Open Source Software (OSS) and interfaces are a topic that is still in the focus of the software industry as well as authorities and administrations. The intention behind this is also to reduce possible dependencies on suppliers.
Interfaces should lead to a standardization of data exchange formats. Digitization has contributed to a great acceleration in this area, and today it is taken for granted in many areas that data can be exchanged easily.
However, all these interfaces also have an immense influence on the data models. Due to the continuous change of standards, constant adjustments to these models are necessary. This raises the question why these data models should not be published. This article aims to demonstrate the advantages of published data models.
The influence of a disclosure of a data schema is shown in the example Shape-File. This was introduced as an open specification by Esri Inc. in the early 90s. Due to its simple and open format, it has become a kind of a standard in the GIS environment over the years. Although this format has several technical limitations, it is still used today to exchange data between systems.
This approach is rarely used for data models. One reason, and probably the most important, is certainly that data models are seen as a central part of the intellectual value of a company. On the one hand, a lot of time and money is invested in the creation and maintenance. On the other hand, a lot of expertise is required to create meaningful and practicable models. For these reasons, a reluctant attitude of companies towards the disclosure of data models is quite understandable and comprehensible.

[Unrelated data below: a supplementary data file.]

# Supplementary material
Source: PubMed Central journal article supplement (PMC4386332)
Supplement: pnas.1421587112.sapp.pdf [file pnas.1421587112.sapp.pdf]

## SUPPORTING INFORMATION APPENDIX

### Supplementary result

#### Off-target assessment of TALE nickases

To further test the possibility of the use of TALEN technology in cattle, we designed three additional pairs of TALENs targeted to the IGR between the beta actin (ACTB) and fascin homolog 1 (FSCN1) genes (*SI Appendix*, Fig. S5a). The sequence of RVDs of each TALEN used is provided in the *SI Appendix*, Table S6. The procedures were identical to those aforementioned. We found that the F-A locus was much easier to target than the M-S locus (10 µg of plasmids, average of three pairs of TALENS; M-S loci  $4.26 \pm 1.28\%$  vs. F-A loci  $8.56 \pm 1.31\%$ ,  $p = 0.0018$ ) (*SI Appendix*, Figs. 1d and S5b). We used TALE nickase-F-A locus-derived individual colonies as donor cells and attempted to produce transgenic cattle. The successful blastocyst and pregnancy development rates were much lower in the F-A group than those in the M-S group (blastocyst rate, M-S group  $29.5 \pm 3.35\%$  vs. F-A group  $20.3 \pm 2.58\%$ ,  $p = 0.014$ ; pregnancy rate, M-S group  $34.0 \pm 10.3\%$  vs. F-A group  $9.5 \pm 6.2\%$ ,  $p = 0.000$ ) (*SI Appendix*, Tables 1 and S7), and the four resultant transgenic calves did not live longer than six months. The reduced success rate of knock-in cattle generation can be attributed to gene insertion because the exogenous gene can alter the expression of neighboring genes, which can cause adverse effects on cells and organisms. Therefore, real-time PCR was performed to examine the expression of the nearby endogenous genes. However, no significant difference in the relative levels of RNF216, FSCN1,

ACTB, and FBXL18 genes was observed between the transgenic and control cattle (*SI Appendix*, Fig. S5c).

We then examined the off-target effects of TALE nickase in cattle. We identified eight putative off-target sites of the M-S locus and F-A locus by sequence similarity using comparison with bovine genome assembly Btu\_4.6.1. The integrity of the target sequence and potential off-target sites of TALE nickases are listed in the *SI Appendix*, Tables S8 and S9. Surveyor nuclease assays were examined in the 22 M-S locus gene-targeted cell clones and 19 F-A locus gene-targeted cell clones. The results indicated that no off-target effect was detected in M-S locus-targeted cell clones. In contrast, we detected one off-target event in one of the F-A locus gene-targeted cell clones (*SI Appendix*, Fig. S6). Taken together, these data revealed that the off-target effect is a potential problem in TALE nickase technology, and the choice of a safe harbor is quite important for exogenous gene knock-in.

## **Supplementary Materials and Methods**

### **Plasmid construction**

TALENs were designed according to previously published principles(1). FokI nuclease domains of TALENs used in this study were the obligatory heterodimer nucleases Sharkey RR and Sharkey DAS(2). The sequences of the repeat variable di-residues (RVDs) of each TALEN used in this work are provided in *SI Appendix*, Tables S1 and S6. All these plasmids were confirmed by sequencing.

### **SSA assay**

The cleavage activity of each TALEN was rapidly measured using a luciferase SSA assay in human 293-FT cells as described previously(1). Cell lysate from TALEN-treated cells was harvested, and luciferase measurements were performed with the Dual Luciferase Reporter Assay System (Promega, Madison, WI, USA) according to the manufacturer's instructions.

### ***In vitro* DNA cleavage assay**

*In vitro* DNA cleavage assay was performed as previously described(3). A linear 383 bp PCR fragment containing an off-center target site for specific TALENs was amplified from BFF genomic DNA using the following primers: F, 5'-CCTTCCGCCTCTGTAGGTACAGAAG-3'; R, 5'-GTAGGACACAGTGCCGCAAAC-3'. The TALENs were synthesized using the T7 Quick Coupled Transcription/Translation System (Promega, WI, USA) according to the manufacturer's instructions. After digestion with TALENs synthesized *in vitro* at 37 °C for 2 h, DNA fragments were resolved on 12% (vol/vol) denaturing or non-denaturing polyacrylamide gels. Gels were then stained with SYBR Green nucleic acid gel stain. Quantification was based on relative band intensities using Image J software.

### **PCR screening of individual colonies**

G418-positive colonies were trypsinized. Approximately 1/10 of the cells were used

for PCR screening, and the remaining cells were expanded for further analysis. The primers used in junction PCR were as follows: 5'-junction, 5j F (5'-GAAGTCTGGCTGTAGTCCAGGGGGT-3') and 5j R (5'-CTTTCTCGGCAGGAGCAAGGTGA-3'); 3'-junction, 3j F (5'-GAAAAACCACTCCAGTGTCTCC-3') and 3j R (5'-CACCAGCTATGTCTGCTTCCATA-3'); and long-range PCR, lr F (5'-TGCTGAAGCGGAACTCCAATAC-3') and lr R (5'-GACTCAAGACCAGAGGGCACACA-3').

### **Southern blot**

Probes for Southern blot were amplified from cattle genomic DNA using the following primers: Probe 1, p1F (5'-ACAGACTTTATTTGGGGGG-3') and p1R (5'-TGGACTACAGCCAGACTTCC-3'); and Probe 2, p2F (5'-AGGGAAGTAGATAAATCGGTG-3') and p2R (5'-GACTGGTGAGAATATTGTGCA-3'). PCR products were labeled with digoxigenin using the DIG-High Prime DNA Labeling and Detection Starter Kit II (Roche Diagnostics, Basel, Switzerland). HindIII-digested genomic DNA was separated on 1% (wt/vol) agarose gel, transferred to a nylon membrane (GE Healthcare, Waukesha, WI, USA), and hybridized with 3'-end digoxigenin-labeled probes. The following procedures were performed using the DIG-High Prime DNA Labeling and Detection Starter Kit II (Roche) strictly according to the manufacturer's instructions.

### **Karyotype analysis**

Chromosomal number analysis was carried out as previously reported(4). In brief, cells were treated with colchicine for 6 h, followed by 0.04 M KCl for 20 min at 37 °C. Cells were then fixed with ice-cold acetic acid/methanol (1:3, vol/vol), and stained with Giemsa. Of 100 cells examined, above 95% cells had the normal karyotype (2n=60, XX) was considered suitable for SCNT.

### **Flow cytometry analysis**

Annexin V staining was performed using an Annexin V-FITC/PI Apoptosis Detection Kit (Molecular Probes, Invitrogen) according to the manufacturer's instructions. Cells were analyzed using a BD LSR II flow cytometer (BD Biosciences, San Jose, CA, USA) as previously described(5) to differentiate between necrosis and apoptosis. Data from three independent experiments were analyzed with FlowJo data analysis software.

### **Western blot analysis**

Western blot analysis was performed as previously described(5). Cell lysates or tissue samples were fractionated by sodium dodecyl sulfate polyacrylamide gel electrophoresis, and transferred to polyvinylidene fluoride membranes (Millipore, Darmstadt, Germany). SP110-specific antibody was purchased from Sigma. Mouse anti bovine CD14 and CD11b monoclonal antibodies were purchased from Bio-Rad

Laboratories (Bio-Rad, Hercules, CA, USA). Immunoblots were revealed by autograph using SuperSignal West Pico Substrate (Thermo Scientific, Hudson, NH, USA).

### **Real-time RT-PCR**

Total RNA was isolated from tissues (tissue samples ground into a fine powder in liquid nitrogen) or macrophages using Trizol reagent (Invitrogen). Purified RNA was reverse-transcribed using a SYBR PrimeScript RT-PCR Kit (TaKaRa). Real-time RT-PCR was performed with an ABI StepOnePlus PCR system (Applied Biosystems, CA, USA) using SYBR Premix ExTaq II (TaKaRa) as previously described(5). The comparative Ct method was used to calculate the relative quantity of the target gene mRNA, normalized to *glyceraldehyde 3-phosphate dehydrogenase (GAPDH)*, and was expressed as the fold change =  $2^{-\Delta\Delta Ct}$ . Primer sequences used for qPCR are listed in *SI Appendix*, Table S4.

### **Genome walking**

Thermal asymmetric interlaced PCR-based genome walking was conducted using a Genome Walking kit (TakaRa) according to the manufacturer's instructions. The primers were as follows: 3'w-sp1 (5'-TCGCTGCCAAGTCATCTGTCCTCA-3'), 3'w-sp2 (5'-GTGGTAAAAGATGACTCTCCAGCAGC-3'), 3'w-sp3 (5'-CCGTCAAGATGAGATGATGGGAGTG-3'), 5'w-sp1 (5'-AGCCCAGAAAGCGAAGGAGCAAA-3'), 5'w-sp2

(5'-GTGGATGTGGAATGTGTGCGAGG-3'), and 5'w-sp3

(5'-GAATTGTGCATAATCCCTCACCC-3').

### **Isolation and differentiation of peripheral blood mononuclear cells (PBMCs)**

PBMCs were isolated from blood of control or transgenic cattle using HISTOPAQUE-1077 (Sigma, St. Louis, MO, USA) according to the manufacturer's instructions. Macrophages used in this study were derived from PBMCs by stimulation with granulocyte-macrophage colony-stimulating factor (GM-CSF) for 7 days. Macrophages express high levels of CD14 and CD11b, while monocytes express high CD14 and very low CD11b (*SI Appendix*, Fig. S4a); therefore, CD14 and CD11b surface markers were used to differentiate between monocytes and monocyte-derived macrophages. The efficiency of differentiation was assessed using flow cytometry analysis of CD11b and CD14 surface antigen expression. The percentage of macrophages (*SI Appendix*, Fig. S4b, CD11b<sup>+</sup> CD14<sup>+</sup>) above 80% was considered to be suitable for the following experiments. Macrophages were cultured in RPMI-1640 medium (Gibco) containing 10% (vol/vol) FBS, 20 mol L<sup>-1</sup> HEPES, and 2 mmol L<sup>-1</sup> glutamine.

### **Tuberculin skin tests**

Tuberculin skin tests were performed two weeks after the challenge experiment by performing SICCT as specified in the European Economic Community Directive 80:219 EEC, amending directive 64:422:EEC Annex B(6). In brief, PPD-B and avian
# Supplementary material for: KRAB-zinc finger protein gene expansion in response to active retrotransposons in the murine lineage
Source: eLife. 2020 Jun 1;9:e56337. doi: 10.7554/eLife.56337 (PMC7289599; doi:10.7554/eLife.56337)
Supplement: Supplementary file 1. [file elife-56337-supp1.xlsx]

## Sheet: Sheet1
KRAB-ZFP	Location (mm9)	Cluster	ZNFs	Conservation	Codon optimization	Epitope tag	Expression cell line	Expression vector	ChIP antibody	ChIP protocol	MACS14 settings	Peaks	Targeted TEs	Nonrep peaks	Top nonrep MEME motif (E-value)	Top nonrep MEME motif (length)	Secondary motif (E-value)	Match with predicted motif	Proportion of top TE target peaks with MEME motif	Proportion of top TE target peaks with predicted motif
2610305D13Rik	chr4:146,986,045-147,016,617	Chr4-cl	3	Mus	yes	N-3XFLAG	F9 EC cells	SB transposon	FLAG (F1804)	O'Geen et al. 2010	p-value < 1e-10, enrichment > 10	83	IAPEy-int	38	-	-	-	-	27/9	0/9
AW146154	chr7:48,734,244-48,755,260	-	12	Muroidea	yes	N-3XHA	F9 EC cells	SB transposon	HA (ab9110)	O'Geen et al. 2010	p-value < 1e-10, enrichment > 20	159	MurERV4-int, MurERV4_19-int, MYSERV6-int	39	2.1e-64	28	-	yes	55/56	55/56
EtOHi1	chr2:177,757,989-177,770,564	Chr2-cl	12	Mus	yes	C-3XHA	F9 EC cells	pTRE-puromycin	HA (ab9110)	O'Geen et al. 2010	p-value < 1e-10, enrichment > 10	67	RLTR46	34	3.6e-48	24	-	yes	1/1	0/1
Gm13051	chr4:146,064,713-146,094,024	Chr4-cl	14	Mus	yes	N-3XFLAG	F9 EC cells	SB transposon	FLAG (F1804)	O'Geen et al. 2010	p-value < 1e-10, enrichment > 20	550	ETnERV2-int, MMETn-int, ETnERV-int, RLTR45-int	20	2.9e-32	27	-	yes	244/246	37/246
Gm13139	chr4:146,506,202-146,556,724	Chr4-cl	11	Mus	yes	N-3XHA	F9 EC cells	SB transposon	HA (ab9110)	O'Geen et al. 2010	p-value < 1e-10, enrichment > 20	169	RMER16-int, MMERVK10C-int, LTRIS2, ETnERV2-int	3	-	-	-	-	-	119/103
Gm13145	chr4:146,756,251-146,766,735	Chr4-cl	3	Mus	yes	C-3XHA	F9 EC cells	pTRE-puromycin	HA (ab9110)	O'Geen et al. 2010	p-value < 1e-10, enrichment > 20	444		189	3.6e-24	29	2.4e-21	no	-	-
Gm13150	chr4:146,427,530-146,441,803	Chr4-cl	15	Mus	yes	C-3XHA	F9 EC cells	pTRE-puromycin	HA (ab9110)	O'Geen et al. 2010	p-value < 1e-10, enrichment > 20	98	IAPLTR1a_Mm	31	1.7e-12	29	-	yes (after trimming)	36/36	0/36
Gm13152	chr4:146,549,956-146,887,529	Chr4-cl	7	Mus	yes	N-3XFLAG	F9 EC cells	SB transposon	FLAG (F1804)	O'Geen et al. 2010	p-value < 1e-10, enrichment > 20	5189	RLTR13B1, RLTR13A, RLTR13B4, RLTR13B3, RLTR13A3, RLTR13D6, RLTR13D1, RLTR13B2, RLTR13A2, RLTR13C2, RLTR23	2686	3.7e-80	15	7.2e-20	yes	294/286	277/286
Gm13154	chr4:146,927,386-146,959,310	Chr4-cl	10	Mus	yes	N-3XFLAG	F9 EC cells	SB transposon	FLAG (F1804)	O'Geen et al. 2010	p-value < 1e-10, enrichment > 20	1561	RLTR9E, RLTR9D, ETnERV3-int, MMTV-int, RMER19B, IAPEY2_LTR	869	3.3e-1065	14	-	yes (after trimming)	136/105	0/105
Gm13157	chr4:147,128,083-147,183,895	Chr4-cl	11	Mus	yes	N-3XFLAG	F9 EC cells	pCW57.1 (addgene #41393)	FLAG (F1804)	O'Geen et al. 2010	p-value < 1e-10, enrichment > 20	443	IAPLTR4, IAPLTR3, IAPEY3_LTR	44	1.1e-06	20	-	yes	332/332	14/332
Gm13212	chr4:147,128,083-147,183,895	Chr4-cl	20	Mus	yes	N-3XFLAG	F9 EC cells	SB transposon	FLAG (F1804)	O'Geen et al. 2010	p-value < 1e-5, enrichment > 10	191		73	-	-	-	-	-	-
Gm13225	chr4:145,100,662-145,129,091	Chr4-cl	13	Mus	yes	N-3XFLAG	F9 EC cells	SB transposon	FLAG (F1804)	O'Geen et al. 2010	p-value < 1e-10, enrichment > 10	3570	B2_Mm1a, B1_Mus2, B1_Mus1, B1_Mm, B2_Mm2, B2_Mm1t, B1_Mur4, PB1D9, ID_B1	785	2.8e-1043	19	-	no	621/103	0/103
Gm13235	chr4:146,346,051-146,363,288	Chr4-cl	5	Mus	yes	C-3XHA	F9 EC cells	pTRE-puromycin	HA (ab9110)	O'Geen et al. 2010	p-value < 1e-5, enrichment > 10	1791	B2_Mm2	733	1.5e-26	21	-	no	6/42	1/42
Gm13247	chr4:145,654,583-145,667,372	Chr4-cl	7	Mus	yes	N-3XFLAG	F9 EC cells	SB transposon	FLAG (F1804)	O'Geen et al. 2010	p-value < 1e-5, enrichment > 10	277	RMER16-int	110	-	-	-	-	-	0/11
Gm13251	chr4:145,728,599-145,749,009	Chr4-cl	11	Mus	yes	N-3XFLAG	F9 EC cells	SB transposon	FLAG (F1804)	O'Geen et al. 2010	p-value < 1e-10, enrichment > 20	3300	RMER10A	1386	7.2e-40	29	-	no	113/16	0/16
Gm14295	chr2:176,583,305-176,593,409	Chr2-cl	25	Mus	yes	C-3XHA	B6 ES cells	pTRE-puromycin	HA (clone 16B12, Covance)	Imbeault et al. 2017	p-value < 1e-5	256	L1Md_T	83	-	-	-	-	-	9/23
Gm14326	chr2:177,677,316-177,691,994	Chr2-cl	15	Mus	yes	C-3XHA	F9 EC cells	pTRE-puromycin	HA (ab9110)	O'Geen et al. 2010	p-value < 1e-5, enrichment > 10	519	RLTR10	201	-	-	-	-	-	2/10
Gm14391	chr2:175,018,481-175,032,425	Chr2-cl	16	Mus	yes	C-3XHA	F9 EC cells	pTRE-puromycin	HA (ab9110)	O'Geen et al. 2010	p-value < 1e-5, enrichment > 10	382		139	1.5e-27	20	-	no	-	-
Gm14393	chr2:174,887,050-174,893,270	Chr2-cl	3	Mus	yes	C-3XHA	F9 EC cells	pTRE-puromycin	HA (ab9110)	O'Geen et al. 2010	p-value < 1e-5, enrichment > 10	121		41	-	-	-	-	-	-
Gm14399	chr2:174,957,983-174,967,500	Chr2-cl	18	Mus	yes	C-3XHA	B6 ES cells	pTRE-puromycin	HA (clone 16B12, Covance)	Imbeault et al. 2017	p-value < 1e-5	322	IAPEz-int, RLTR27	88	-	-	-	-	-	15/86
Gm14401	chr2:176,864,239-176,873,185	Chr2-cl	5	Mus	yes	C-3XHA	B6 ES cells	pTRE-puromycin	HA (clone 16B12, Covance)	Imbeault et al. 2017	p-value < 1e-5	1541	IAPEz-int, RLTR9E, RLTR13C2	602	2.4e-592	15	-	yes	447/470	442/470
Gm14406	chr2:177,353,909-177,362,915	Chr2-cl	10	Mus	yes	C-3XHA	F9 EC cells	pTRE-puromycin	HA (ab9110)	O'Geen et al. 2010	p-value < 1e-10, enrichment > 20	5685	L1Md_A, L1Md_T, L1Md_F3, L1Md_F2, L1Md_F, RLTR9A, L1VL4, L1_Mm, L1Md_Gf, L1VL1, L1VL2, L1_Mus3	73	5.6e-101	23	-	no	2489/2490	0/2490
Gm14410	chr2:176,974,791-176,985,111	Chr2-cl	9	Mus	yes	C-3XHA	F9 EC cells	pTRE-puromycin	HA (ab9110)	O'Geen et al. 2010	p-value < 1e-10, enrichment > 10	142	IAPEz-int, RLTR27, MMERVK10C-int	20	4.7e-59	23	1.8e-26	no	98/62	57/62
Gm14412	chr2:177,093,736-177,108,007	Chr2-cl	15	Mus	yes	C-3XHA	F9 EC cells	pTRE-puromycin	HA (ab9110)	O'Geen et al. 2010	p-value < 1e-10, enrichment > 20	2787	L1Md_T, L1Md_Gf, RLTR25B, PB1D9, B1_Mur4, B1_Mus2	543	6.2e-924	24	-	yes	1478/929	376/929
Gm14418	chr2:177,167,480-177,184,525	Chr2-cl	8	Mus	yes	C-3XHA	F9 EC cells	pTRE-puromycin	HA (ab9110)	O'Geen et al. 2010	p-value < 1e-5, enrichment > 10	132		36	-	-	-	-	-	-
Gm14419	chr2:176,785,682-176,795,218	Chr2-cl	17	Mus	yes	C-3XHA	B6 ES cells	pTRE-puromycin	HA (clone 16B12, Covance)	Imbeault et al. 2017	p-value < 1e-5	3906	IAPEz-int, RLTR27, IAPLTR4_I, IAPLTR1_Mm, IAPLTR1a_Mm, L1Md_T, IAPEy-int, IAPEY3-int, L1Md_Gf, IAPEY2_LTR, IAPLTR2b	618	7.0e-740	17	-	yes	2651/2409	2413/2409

At the same time, the protection of a data model is difficult or impossible to implement, since data management is usually done in database systems such as SQL Server, PostgreSQL, etc., and thus the structure is disclosed anyways. So why not publish a data model from scratch?
A publication can have several advantages:
- Potential users can view the data model and assess how far it covers their needs. At the same time it is also recognizable whether the creator or the community has the necessary expertise (marketing effect).
- Data models can be adapted for other countries and languages.
- The possibility that the database model is jointly developed and maintained by the users can, as with open source software, result in synergy effects that generate added value for all users of the model.
- At the same time, a rich software ecosystem can be created around the database model to provide additional functionality. This is comparable to the Open Data Initiative of the federal government, which is intended to use the data in new and innovative applications.
- A public data model can also develop into a quasi-standard model, thus leading to further synergy effects.
- With clear and accessible documentation of a data model, its use is clearly defined, increasing data quality and consistency.
Geocom (a VertiGIS company) believes that the advantages outweigh the disadvantages and that our commitment and investment makes sense for all parties. It is our goal to publish future data models that provide a general benefit, and to make them available to interested parties, e.g. via platforms like GitHub.